Four conversations with uncertainty
Each of us has a preferred way of knowing what to do when we don't know.
Mind in its purest play is like some bat
That beats about in caverns all alone,
Contriving by a kind of senseless wit
Not to conclude against a wall of stone.
Richard Wilbur, from “Mind”
Education, according to my favorite definition of the word, is about knowing what to do when you don’t know. When you are faced with an unfamiliar challenge or question or context, education offers multiple ways to attend, perceive, and act in your uncertainty.
This matters in Arts Management because so much of our individual and collective effort is in relation to uncertainty – new programs, complex audiences, changing worlds.
In the university setting, where I work, we categorize the ways of “knowing what to do when you don’t know” into broad bundles of sciences, humanities, and arts. In the wider world, those ways include culture, social norms, convention, stories, habit, and tradition. Education doesn’t need to be, and often isn’t, formal or explicit. But we bring it with us into every waking moment.
In addition, each of us brings preferred ways of engaging uncertainty. When we bump into a moment we don’t understand, we each have a dominant conversational style or script we use to interact with it. This style has emerged from our DNA, its manifestation in the development of our bodies and brains, and the full context of our lived experience.
There are many ways to notice and name our preferred conversations with uncertainty. Typology systems like Myers-Briggs, Clifton Strengths Analysis, or Enneagrams, all offer conversation-starters. But as a first-cut interrogation, I often turn to the PAEI Framework by management consultant Ichak Adizes.
Adizes suggests that each of us has a primary “concern structure” that drives our interaction with each other, the world, and uncertainty. That structure is formed at the intersection of 1) the time horizon that concerns us most (short term or long term) and 2) the form of impact we value more: effectiveness (delivering useful results) or efficiency (reducing excess waste).
With a short-term focus on effectiveness, we emphasize impactful action now. Our dominant concern is producing.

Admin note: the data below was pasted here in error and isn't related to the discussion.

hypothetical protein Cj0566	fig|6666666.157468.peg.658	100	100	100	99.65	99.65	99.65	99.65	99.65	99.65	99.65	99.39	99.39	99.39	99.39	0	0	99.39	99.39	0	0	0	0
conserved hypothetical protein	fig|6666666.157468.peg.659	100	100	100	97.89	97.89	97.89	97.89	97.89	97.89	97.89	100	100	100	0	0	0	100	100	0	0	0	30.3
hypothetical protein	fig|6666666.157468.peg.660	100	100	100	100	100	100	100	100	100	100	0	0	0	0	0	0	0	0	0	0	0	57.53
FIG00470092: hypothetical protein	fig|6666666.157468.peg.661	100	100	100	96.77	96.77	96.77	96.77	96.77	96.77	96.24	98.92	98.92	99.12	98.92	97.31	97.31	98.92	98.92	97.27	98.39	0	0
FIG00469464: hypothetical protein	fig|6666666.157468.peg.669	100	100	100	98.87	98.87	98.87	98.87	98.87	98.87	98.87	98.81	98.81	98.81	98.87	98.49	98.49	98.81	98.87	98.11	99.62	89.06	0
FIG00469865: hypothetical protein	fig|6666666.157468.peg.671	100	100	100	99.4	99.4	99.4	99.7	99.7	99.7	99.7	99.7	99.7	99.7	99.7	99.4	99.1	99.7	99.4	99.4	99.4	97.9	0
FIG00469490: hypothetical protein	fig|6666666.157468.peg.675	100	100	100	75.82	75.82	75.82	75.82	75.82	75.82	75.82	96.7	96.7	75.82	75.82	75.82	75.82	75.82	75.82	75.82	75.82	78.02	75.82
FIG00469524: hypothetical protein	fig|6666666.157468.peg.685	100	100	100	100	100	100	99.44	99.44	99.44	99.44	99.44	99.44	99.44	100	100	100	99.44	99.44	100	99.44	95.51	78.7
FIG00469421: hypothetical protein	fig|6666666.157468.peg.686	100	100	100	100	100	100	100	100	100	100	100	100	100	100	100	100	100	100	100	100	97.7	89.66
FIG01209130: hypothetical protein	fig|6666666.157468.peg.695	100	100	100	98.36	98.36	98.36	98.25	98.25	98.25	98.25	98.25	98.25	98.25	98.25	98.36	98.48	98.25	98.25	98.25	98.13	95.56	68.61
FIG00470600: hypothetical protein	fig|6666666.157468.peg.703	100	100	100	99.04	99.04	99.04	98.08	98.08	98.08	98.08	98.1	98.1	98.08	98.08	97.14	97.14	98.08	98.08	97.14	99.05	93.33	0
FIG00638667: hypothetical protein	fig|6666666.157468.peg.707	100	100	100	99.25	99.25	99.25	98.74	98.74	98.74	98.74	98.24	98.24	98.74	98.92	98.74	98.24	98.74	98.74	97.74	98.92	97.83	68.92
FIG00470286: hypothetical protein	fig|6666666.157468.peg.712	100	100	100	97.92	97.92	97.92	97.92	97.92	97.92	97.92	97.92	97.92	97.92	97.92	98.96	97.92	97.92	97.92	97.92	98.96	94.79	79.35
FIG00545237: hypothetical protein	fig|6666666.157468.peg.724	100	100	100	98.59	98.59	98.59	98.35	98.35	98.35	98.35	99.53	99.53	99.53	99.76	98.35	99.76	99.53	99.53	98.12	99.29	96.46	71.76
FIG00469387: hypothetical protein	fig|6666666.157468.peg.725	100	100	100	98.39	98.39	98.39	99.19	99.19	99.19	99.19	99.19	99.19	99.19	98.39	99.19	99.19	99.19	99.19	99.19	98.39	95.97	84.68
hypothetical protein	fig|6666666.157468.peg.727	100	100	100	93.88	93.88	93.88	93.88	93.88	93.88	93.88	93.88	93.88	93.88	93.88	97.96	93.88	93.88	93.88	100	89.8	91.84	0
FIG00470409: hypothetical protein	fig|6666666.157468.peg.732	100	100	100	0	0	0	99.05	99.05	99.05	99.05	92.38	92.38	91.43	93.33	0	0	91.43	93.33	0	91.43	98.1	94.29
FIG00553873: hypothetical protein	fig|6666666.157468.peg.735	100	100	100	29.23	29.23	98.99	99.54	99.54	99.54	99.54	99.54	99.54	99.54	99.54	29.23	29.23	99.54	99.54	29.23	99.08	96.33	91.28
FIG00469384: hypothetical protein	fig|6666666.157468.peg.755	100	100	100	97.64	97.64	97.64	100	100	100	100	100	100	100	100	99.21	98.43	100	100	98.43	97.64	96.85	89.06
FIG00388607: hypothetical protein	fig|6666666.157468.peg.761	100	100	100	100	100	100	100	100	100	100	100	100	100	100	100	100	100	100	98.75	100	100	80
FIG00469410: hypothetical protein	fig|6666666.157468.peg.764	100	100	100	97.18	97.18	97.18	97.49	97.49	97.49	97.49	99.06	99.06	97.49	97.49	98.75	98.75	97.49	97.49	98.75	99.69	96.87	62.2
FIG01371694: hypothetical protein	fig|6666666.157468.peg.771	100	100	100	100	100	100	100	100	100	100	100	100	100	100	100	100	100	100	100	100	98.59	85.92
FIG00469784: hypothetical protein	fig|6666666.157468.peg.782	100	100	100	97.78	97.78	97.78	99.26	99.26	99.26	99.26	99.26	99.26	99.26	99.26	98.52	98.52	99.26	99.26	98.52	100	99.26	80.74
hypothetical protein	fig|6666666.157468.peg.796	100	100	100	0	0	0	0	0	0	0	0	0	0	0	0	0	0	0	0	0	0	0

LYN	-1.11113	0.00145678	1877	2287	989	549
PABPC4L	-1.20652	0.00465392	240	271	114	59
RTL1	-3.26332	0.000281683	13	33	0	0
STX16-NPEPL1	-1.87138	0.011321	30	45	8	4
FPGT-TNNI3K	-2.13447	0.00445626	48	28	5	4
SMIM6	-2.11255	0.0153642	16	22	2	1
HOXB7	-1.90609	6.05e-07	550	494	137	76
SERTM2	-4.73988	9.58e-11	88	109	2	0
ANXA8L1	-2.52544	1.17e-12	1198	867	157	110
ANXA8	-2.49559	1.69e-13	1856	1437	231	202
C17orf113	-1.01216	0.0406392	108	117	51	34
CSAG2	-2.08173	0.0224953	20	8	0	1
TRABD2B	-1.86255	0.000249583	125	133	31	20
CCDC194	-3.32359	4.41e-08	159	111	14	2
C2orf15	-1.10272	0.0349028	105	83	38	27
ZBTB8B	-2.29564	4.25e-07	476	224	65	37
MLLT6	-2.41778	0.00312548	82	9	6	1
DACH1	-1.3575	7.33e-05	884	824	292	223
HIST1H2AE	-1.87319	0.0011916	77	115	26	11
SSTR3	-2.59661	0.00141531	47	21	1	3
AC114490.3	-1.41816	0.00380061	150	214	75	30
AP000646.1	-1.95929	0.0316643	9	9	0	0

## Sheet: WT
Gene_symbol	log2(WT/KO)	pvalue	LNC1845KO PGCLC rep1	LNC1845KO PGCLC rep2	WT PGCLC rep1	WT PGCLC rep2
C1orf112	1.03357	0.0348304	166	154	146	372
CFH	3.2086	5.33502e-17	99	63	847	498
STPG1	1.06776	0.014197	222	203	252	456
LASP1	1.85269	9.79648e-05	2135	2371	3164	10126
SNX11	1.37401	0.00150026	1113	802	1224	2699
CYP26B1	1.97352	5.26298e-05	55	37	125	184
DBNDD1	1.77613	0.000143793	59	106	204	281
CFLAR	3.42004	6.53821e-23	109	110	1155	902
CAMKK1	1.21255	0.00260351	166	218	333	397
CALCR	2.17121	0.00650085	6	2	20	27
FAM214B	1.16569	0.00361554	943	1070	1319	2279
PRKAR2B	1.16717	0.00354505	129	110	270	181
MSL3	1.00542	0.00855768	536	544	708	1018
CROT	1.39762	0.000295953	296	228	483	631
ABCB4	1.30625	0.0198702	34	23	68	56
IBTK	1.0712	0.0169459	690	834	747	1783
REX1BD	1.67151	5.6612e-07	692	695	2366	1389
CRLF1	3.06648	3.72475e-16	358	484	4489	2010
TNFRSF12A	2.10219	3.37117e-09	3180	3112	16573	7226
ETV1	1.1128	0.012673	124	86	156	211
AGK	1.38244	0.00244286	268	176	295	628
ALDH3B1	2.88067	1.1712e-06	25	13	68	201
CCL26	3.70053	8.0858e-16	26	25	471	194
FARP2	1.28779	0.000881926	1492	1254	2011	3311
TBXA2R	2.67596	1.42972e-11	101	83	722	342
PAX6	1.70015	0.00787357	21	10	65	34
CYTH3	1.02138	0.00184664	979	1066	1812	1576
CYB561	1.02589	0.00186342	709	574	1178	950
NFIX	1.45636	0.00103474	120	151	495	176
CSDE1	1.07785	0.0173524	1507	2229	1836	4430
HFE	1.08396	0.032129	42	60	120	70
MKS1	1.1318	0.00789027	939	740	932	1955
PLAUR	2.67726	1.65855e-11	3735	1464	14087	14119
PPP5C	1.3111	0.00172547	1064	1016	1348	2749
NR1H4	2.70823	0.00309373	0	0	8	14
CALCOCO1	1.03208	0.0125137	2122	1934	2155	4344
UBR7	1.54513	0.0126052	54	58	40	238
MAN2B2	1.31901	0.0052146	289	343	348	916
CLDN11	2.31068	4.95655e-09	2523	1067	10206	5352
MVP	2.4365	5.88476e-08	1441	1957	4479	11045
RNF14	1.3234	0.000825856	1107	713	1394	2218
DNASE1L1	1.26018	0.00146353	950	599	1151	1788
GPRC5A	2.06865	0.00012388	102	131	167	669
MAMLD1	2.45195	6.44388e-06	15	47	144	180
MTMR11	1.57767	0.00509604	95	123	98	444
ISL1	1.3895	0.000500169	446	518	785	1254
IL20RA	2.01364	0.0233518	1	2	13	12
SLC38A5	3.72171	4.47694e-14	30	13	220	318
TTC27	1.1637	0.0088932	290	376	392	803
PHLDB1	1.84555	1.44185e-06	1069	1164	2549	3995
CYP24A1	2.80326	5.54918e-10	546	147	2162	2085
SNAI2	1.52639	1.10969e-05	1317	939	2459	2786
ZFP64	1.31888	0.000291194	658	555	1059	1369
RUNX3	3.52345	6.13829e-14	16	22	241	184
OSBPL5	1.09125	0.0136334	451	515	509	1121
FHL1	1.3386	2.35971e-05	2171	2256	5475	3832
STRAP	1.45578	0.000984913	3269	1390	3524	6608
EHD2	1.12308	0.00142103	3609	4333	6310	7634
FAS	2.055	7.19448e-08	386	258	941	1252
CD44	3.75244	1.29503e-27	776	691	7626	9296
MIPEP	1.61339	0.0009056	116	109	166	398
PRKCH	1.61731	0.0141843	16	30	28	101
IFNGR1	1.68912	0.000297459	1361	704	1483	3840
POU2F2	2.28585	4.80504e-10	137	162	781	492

With a short-term focus on efficiency, we emphasize considered process now. Our dominant concern is administering.
With a long-term focus on effectiveness, we emphasize impactful action in the world yet to come. Our dominant concern is entrepreneuring.
With a long-term focus on efficiency, we emphasize durable relationships and engagement among our team. Our dominant concern is integrating.
Each of these concern structures brings a different style and script to uncertain moments: different questions we ask and different answers we value. Each also lives in tension with the others, since they look for and care about different things. Because of this tension, Adizes suggests that nobody can be exceptional in all four structures. Rather, only teams of people can assemble competence and capacity across them all.
That means, when facing frequent and various uncertainties, your best bet is to gather a diverse group around you, learn and appreciate the motives and means of styles other than your own, and bridge the inevitable gaps and tensions between those styles.
Sometimes, “knowing what to do when you don’t know” isn’t (just) a matter of more education. It’s a matter of knowing you need to interrogate uncertainty together rather than alone.
From the ArtsManaged Field Guide
Function of the Week: Gifts & Grants
Gifts & Grants involve attracting, securing, aligning, and retaining contributed resources (also called fundraising or development).
Framework of the Week: Adizes Four Management Styles
The framework discussed in this Field Note can also be used to understand management style and team dynamics. For a video overview, watch “Which Style of Arts Manager Are You?”